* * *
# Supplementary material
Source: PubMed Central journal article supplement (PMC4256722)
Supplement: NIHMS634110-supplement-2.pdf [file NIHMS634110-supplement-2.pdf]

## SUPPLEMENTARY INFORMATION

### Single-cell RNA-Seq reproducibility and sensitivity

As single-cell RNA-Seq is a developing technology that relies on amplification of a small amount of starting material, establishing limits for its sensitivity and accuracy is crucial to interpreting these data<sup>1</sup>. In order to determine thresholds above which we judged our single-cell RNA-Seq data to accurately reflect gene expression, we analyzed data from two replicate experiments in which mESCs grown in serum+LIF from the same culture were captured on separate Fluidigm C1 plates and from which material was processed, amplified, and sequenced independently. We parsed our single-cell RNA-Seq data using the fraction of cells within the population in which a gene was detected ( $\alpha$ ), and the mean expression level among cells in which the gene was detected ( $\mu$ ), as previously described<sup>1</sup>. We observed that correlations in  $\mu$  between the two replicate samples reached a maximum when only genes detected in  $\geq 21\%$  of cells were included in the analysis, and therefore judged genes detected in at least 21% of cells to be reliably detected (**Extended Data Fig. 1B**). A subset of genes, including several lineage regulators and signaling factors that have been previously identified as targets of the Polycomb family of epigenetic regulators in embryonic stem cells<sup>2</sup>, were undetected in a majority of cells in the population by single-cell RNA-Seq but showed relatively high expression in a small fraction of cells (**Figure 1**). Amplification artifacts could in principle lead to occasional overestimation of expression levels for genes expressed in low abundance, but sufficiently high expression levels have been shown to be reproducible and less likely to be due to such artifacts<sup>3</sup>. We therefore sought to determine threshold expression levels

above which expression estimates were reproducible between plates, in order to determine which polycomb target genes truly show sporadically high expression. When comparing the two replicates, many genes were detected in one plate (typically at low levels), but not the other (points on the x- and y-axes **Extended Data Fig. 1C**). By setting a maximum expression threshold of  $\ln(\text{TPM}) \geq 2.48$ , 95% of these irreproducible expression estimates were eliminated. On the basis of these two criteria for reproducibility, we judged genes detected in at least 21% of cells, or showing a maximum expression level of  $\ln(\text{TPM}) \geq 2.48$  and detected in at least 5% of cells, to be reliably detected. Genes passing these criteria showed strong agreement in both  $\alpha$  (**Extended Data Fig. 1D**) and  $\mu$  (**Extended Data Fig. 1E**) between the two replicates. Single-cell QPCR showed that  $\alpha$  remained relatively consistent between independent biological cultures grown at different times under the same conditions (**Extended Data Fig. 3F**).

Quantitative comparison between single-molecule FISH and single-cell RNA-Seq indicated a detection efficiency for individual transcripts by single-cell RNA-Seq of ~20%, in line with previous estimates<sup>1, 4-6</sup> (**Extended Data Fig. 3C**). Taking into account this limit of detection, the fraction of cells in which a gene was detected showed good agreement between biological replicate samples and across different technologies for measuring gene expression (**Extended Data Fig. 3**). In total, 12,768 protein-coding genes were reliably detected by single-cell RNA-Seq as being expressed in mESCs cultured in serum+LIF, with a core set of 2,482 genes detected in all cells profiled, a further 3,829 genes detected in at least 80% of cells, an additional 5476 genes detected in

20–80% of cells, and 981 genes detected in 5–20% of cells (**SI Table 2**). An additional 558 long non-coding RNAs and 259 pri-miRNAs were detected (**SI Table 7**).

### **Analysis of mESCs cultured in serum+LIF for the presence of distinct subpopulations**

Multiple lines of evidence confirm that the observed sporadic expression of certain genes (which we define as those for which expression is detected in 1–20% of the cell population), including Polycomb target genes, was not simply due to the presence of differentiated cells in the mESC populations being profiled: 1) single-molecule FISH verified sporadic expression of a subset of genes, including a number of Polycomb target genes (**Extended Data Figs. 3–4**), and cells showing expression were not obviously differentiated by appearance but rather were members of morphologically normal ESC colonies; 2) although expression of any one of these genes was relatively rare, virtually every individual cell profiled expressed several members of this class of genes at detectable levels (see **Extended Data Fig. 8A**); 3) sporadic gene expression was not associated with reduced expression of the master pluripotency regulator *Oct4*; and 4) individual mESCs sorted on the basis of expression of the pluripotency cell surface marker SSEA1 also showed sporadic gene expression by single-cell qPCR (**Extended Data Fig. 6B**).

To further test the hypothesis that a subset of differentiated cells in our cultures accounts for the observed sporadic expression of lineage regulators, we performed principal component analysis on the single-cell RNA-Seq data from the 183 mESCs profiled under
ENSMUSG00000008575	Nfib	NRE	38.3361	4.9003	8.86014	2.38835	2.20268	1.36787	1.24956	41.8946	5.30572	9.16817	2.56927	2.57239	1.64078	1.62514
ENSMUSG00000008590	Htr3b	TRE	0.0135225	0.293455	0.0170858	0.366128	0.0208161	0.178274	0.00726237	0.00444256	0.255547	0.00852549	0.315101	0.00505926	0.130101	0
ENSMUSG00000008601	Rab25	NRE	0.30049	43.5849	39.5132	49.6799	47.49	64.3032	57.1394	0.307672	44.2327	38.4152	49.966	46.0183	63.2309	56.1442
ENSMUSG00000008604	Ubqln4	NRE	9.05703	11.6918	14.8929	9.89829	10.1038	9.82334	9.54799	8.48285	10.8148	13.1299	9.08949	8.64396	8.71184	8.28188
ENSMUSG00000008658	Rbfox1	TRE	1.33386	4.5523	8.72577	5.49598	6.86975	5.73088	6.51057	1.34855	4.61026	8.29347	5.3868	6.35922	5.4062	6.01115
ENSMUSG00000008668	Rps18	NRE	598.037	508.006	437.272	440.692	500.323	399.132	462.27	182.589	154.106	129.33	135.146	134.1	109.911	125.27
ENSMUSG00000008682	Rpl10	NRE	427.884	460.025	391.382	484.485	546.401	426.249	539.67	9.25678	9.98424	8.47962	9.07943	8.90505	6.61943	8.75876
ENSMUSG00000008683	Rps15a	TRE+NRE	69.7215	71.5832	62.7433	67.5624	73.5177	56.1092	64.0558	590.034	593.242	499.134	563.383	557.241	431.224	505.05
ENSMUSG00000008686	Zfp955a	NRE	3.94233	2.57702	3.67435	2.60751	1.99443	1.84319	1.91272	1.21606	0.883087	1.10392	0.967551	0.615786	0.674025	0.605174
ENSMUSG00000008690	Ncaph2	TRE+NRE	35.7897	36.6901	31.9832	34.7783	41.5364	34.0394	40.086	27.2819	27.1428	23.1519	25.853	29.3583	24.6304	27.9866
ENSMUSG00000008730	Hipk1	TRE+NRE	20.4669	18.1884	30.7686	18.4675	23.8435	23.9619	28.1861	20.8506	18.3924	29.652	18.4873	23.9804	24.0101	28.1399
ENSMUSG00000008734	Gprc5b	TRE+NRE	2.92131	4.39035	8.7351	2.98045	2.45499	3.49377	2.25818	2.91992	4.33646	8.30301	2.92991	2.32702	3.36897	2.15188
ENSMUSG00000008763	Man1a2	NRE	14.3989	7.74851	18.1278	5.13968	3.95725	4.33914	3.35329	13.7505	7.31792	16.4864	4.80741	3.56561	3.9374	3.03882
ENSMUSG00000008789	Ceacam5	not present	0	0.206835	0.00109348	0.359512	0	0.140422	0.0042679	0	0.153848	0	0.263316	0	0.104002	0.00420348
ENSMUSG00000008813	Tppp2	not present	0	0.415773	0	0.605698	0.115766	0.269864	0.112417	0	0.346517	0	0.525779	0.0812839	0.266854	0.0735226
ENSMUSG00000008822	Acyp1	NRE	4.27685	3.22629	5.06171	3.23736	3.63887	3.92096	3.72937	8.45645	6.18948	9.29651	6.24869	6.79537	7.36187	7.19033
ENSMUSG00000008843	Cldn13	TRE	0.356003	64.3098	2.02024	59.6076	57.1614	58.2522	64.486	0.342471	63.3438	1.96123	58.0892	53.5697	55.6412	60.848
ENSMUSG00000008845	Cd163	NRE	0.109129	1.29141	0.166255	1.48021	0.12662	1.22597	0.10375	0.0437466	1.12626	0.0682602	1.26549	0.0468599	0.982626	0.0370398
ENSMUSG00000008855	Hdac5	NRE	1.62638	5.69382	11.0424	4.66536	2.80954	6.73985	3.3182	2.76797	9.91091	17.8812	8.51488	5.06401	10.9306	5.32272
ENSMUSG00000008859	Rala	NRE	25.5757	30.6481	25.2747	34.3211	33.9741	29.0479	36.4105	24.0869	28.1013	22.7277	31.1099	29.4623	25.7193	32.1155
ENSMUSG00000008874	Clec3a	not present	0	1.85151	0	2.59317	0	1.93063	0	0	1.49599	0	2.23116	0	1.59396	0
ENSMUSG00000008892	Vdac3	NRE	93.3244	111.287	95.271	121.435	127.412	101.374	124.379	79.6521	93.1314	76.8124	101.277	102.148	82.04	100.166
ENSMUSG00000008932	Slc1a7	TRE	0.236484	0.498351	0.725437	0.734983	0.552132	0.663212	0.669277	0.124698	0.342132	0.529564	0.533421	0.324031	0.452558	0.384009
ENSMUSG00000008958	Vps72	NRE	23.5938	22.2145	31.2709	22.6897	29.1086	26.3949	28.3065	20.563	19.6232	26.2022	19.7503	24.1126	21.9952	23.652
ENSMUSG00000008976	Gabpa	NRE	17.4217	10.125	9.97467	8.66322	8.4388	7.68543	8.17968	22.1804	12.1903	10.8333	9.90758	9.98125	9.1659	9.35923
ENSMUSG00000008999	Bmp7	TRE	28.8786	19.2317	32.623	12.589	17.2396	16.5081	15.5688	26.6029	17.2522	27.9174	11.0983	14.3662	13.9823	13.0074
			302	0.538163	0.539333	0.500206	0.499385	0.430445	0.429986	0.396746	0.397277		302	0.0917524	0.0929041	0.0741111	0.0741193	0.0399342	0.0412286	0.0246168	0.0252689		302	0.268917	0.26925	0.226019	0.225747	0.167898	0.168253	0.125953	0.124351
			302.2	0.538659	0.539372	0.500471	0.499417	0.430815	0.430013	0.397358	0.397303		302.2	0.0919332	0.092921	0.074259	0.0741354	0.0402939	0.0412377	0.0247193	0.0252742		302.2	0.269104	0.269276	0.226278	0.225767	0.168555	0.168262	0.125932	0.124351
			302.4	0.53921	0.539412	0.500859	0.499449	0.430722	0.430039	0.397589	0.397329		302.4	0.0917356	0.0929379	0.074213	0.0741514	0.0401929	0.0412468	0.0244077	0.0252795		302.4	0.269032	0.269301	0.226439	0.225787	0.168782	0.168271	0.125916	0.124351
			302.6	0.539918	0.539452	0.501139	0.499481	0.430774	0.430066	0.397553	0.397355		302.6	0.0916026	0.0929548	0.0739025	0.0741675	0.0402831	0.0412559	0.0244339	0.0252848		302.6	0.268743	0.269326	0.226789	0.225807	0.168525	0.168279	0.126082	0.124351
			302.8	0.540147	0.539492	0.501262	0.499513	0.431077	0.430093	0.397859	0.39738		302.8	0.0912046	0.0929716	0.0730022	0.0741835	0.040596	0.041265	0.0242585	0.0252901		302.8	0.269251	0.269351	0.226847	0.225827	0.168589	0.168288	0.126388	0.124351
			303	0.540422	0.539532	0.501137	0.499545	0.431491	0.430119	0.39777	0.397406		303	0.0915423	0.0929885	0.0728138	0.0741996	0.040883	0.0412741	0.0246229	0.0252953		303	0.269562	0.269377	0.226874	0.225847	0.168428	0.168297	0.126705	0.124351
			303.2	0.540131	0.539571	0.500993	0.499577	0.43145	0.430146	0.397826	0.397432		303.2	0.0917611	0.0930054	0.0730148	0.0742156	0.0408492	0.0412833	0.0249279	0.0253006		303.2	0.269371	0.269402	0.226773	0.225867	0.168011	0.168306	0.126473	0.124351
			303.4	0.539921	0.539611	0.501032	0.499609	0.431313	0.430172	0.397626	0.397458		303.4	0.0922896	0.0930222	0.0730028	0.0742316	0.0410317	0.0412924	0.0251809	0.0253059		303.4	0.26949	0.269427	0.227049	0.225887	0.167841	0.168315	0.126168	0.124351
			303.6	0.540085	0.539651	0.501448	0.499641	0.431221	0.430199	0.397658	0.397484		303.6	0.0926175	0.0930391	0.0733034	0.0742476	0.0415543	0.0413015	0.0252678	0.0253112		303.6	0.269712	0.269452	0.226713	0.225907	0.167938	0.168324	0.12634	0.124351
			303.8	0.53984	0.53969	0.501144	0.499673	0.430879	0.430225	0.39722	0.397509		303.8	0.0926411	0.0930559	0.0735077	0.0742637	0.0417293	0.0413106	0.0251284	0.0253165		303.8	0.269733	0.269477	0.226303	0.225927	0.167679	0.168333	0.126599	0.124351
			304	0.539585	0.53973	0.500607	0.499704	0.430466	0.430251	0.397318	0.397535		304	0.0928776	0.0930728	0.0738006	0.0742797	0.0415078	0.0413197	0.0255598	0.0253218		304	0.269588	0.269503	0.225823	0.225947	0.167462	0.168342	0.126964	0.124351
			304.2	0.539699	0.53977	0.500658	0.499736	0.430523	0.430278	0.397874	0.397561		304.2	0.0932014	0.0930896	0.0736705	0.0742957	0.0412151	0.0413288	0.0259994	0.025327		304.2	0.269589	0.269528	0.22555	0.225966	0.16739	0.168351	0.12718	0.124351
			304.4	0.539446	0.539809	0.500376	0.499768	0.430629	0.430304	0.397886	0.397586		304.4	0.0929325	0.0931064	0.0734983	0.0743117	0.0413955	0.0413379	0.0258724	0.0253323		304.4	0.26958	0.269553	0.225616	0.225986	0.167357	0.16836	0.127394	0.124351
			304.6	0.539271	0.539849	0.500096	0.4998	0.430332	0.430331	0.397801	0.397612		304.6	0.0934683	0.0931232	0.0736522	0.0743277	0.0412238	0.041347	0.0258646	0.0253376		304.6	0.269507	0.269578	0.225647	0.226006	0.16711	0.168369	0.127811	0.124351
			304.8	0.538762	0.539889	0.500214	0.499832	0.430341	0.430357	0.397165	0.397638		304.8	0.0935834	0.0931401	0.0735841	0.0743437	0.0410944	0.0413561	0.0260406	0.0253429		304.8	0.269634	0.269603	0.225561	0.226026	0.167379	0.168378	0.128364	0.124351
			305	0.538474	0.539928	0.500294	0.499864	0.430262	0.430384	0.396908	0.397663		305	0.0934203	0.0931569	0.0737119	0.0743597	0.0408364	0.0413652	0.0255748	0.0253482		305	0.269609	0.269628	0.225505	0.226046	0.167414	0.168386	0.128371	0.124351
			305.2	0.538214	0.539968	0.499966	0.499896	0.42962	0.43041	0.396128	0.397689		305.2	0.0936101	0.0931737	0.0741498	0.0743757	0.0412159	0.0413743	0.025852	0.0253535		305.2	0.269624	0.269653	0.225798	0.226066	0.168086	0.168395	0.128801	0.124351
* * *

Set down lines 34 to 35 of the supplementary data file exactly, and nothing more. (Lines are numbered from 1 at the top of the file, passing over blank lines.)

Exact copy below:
ENSMUSG00000008892	Vdac3	NRE	93.3244	111.287	95.271	121.435	127.412	101.374	124.379	79.6521	93.1314	76.8124	101.277	102.148	82.04	100.166
ENSMUSG00000008932	Slc1a7	TRE	0.236484	0.498351	0.725437	0.734983	0.552132	0.663212	0.669277	0.124698	0.342132	0.529564	0.533421	0.324031	0.452558	0.384009